By Ben Landreth
By Isa Jones
By Isa Jones
By Cafe Society
By Cafe Society
By Constanza Saldias
By Lori Midson
By Cafe Society
In Italy, just try walking into a pizzeria and ordering a pie with, oh, say, ham and pineapple. They'll laugh you right into France. Black olives and green peppers? No way. Pepperoni and mushrooms? Fuggedaboutit.
At the source, there are specific, standardized types of pizza. You don't order a medium with fresh romas, basil and cheese; you get a margherita. You don't tell 'em you'd like one with onions, black olives and anchovies; you get it alla Liguria. And when Italian pizzerias venture into more exotic territory--and they do--they top their pies with an array of wonderful, flavorful items: mussels, stuffed olives, fennel-flecked snails, capers and figs, rather than the pathetic, trend-of-the-week ways we accessorize them here.
Here's the real kicker: In Italy, there's no such thing as what we call pepperoni. That was the creation of Italian immigrants, who perceived that Americans wanted something that sounded spicy--hence the "pepper" part--and also required meat on their pizzas. That is, if they were going to eat pizzas at all, which was the big question back in 1895, when the first pizzeria opened in this country at 53 1/2 Spring Street in New York. And so Italians set about modifying one of their great national treasures to our dull American tastes. The Italian word peperoni actually means "peppers," and when an Italian wants thin slices of air-dried sausage on his pizza, he orders one that contains salame.
4401 Tennyson St.
Denver, CO 80212
Region: Northwest Denver
Simone Parisi knows all of this, because he grew up in Florence, Italy, where he owned a grocery store and where his mama, Oretta, cooked up a storm. Simone's wife, Christine, a former Boulderite who met her future husband while studying art history in his hometown, convinced him that Denver really needed a good pizzeria, and after two years of nagging, he finally acquiesced. Not long after--a little over a year ago--they opened Parisi, an Italian market, pizzeria and deli in the old Italian neighborhood of northwest Denver. Their operation occupies a cheerful, bright storefront space that's mostly filled with imported goods from Italy and has a few tables set near the window.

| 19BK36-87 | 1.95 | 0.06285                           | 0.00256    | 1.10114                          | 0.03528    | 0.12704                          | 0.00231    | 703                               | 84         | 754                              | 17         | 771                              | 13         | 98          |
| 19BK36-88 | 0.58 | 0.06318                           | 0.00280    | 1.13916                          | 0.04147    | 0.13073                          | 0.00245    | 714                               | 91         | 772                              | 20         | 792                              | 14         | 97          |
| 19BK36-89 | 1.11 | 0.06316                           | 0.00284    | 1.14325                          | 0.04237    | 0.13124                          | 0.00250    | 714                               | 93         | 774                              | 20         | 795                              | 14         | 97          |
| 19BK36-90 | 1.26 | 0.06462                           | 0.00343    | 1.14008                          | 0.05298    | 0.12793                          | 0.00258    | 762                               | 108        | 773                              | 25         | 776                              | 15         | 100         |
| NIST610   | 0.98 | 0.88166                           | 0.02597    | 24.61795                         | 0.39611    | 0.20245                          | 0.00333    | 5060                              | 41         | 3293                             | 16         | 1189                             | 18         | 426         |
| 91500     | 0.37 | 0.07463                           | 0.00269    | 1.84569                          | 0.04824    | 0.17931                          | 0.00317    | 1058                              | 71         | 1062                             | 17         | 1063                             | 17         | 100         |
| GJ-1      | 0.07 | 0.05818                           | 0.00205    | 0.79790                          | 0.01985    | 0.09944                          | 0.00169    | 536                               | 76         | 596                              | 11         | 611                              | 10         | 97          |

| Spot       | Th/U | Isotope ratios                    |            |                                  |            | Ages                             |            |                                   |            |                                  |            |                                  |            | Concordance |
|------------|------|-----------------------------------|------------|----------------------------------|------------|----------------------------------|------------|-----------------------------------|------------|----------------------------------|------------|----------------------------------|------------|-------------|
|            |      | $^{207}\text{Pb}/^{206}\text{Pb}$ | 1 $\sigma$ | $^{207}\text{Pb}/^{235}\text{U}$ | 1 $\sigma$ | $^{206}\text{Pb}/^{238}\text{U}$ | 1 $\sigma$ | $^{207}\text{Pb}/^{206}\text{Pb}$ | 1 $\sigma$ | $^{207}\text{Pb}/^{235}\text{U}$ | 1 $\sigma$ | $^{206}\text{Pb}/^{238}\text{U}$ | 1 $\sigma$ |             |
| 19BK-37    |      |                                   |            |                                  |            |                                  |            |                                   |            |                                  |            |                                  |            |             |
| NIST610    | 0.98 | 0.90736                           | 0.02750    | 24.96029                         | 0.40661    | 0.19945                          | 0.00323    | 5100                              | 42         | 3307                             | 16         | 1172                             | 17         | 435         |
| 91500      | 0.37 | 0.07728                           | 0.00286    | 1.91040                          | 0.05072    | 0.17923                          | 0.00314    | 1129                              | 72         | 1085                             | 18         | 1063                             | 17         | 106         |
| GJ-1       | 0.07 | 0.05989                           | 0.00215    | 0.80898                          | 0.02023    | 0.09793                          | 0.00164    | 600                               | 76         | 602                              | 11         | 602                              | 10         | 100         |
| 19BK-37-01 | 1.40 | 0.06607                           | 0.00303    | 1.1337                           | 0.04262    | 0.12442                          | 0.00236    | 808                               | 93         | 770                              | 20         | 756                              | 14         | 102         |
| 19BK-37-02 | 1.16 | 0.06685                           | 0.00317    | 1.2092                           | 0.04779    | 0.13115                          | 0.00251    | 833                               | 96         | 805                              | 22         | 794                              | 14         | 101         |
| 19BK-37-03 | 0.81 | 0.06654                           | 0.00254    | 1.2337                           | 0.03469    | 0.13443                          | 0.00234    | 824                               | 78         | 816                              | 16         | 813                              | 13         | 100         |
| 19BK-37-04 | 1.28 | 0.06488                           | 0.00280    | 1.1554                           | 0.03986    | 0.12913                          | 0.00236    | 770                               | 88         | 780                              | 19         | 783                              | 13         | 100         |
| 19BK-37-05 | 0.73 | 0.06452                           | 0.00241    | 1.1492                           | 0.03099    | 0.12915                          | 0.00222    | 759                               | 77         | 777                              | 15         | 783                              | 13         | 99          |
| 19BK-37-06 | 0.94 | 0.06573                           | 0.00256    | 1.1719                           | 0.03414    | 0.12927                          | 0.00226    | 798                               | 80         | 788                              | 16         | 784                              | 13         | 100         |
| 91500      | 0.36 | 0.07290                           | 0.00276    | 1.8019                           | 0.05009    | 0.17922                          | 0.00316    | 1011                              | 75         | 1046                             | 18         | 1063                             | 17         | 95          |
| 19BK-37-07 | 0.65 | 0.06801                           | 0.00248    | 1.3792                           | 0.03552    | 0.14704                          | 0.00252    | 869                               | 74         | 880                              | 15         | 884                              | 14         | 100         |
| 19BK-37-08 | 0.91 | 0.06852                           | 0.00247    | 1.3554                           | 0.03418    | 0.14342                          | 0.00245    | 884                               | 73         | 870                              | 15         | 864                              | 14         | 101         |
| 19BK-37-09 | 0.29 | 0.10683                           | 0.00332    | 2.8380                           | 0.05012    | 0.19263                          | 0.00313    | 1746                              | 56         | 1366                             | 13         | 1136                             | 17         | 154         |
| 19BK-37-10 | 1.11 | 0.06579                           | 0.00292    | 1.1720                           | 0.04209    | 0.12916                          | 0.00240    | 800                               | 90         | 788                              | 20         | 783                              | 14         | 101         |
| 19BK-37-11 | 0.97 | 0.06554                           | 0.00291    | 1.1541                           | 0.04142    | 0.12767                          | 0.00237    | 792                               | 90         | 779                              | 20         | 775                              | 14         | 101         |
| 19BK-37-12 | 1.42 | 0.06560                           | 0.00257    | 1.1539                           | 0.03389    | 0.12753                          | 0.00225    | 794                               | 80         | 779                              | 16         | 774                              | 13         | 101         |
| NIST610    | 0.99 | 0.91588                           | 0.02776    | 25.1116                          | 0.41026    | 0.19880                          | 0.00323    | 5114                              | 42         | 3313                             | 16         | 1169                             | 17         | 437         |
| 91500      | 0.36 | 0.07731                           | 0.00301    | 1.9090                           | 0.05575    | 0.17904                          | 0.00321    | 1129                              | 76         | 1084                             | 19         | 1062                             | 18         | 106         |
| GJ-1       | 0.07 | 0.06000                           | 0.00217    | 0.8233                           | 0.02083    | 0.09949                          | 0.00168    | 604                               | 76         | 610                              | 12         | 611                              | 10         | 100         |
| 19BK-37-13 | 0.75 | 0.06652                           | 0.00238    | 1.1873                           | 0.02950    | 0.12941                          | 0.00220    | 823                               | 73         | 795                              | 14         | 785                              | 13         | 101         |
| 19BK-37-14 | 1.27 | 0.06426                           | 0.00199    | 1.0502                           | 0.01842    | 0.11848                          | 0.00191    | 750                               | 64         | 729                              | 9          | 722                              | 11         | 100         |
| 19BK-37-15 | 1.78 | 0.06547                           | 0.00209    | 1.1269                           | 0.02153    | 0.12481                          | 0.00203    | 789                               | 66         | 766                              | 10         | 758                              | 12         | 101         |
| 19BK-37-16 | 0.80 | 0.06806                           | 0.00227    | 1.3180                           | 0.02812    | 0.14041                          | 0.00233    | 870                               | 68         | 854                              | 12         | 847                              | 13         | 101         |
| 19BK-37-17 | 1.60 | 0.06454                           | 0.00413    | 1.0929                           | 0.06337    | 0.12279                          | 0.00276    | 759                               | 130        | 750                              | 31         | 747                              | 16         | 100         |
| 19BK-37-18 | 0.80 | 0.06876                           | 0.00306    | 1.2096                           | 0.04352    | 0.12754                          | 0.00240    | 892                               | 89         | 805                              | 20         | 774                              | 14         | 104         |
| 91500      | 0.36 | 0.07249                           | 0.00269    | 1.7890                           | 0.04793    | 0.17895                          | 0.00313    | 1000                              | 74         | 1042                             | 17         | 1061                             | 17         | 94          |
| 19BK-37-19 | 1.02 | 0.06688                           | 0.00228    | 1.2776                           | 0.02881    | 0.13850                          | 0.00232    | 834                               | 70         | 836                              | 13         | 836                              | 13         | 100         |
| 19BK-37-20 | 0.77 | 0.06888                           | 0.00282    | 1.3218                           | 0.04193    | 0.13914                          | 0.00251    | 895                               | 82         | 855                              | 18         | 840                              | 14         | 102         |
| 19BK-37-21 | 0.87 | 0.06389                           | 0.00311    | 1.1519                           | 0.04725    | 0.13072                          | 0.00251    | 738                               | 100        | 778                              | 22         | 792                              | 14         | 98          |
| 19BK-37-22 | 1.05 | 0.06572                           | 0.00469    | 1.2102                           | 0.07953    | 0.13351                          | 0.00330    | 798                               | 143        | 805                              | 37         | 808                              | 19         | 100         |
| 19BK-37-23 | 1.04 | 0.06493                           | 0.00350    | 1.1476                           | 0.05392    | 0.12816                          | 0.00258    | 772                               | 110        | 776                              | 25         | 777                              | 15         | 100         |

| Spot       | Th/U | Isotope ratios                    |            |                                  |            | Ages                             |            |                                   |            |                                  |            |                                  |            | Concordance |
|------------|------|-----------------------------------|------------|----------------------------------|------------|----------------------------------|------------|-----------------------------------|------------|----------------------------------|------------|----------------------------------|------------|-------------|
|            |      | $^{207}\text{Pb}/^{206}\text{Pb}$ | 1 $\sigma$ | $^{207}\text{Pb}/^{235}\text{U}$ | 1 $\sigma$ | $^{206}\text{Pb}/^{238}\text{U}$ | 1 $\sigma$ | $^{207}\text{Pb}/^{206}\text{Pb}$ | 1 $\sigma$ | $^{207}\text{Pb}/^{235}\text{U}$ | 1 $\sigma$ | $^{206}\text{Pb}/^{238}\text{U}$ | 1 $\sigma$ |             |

They've been wowing folks from the Old Country ever since, although not without a bit of haggling. "It's been kind of hard convincing the older generation to buy our imported goods," Christine explains. "You know, they moved into this neighborhood decades ago, when everyone was Italian here--but they couldn't get the stuff from back home, and so they improvised. And now they can't understand why they'd pay so much money for foods they've been making for cheap themselves."
And so Simone finds himself occasionally lowering the price on a whole prosciutto or explaining the merits of fresh mozzarella to women who long ago learned to make do with the rubber balls from Safeway. But he never has to justify his homemade foods, particularly the pizzas. They're the real thing, made like his mother still makes--and she flies in periodically to check up on him. "We always call the regulars to tell them when Oretta is in town," Christine says. "She hides back in the kitchen and peers out every so often while she makes all kinds of special sauces and the most incredible food. And she has taught Simone everything he knows."
He must have been a good student, because Parisi's pizzas are nothing short of heaven. The goodness begins with the crust: medium-thick, the crunchy handles coated with just enough olive oil to keep them moist, but not so much as to mimic a Pizza Hut grease pit. Each pie is fired in Parisi's gas-powered bread oven, which the Parisis lined with stones from a Boulder quarry. As a result, the bottom becomes crisp, the shell sports irregular bubbles of dough that trap the sauce in crevices, the center cooks through and the toppings become one.
Central to the pie's success is that sauce, which--surprise!--isn't a sauce at all. Simone simply melts down fresh tomatoes until they liquefy and the acid mellows, leaving a few meaty pieces intact for texture and a couple of seeds for authenticity. On top of this non-sauce sit liberal amounts of excellent ingredients, which vary according to the type of pie ordered. (No matter what, however, all pizzas are fourteen inches around and cost $13.98 each.)
Our rustica mixed commercial mozzarella with Simone's fresh mozzarella--truly more like a fior di latte, since the real thing made from buffalo milk is hard to do here because the milk is always too old--along with smoked scamorza, a drier, chewier mozzarella made from cow's milk, and large, thin sheets of speck, what Germans call smoked prosciutto. The overall effect was intensely smoky, partly because of the copious amounts of ingredients and also because of their strong flavors.
Our three other pies displayed the same generosity and commitment to quality. The salamino piccante offered fresh mozzarella beneath rounds of soppressato, a spicy, oil-preserved, ginger-infused sausage with a rich texture and taste. The vegetariana included roasted red bell peppers, lightly oily eggplant slices, zucchini strips and fresh mushrooms. The best of the four, though, was the quatro stagioni, or "four seasons" of Italy, which placed olives, artichokes, mushrooms and prosciutto amid the fresh mozzarella and the non-sauce.